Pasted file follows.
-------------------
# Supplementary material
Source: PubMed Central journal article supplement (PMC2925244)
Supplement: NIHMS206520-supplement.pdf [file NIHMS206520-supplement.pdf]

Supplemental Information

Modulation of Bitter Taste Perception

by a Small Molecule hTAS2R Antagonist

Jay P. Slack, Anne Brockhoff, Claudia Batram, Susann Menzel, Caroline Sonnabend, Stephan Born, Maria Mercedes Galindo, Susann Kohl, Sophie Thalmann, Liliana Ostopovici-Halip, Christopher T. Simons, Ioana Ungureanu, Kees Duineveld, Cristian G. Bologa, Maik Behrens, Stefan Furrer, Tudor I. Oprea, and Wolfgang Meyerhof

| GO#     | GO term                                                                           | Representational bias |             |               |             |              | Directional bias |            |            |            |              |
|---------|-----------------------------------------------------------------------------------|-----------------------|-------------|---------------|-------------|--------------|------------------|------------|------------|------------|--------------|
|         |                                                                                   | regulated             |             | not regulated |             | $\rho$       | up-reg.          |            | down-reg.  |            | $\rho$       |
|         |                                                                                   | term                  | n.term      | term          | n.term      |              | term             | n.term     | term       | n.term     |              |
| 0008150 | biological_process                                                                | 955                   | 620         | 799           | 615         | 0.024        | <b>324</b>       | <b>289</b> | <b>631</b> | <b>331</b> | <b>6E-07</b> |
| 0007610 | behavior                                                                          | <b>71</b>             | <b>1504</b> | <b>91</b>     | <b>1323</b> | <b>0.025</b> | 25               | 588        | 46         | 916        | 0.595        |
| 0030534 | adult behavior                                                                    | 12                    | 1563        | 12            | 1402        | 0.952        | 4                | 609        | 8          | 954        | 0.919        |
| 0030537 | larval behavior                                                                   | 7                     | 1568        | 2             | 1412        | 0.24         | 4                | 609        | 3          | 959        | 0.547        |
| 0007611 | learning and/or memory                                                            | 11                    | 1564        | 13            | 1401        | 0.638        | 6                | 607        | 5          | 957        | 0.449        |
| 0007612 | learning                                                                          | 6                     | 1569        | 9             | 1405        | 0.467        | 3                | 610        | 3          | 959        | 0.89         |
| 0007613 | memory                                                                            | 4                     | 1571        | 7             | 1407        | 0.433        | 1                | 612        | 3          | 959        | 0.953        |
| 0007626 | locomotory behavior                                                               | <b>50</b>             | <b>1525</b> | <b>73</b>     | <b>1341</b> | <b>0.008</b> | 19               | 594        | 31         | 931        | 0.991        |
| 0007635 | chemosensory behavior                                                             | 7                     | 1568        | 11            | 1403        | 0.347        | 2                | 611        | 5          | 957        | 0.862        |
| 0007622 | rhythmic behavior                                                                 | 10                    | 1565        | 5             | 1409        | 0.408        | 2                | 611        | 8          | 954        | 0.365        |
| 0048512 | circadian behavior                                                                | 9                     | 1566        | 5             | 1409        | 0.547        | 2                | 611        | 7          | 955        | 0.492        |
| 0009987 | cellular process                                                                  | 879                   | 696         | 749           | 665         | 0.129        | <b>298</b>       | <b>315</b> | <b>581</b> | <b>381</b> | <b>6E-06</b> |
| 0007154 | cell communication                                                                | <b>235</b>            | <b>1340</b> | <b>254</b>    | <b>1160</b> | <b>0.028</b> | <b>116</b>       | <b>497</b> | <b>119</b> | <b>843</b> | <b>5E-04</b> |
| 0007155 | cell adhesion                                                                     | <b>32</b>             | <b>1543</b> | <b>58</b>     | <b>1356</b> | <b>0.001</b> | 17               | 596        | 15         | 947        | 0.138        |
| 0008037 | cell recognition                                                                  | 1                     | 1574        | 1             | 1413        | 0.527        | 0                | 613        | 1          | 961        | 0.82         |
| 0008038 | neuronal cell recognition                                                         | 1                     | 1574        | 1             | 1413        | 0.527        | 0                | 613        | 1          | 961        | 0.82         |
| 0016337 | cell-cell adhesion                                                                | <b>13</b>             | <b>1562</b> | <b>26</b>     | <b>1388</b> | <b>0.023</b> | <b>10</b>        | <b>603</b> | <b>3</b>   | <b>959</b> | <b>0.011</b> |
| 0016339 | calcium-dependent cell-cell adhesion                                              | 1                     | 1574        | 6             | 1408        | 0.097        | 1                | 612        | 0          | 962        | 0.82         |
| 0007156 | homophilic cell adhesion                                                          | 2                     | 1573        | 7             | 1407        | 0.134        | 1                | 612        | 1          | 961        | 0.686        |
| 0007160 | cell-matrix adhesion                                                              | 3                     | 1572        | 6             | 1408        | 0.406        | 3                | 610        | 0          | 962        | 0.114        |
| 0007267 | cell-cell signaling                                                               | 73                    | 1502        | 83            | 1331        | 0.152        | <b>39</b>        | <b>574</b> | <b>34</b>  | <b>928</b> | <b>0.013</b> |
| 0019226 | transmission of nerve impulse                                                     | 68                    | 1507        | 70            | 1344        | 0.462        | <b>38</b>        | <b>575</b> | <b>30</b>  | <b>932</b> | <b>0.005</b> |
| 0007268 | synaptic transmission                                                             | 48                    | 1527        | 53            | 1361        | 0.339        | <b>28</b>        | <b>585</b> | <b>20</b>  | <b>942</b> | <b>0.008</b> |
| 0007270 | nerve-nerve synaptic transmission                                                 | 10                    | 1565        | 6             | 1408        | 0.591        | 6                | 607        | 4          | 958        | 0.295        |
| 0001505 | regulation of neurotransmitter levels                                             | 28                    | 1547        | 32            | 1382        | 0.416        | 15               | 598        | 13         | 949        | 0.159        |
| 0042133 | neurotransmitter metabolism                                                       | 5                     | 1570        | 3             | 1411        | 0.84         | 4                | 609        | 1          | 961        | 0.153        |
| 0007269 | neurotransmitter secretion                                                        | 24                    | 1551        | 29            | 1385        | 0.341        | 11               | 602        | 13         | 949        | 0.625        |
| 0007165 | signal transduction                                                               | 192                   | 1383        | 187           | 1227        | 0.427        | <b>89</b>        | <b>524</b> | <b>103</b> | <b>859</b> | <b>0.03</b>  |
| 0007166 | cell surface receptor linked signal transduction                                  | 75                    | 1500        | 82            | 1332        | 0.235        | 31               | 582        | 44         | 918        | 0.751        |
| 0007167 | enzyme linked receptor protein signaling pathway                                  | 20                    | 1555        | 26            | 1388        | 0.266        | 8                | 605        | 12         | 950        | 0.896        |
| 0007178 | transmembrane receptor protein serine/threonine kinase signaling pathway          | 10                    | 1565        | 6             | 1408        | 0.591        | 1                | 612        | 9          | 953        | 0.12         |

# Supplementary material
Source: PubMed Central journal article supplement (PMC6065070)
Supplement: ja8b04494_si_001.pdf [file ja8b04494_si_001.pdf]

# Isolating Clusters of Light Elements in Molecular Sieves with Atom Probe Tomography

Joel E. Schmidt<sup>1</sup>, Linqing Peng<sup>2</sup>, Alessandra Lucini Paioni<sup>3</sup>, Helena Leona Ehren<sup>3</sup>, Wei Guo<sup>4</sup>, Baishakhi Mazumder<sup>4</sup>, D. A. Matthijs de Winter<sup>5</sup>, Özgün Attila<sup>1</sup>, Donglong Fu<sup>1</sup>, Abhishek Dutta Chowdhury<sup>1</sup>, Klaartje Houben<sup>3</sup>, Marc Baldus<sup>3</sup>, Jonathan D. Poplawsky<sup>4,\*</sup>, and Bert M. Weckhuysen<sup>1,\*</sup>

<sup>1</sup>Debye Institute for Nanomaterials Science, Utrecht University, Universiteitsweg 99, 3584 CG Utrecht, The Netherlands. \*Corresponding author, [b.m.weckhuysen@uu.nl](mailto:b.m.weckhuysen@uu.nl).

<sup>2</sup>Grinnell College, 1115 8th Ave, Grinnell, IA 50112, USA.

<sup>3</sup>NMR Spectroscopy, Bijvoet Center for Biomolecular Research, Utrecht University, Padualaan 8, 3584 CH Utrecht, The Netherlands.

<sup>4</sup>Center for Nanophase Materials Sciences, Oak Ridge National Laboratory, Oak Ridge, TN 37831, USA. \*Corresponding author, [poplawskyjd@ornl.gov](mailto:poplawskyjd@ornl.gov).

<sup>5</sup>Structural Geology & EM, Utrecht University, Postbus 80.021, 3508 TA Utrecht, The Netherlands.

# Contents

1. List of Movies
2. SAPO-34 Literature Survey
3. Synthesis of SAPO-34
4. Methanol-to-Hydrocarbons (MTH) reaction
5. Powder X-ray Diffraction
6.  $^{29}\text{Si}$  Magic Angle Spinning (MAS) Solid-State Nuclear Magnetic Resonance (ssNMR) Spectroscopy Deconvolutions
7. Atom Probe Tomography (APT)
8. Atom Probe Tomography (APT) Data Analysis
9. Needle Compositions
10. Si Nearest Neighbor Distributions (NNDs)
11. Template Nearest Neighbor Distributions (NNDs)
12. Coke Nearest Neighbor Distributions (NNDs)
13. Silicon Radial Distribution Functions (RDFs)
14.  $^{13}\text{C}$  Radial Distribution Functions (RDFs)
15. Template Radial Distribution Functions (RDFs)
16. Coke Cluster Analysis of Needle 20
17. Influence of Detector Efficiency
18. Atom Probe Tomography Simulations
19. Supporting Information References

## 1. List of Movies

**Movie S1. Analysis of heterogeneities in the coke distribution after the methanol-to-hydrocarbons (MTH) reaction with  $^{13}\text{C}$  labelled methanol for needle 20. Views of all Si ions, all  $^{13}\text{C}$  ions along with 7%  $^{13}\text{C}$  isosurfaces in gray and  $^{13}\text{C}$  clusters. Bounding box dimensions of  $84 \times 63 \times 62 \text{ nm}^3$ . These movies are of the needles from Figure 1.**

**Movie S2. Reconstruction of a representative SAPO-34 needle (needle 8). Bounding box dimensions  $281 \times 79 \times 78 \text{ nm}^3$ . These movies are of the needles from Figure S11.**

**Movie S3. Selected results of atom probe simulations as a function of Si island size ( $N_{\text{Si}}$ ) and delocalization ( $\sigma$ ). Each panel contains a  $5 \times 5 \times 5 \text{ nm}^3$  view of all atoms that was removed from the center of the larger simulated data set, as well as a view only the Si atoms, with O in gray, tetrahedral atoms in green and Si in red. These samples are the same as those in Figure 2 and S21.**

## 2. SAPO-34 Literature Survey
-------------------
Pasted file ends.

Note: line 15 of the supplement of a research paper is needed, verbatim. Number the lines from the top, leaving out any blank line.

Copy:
| 0030537 | larval behavior                                                                   | 7                     | 1568        | 2             | 1412        | 0.24         | 4                | 609        | 3          | 959        | 0.547        |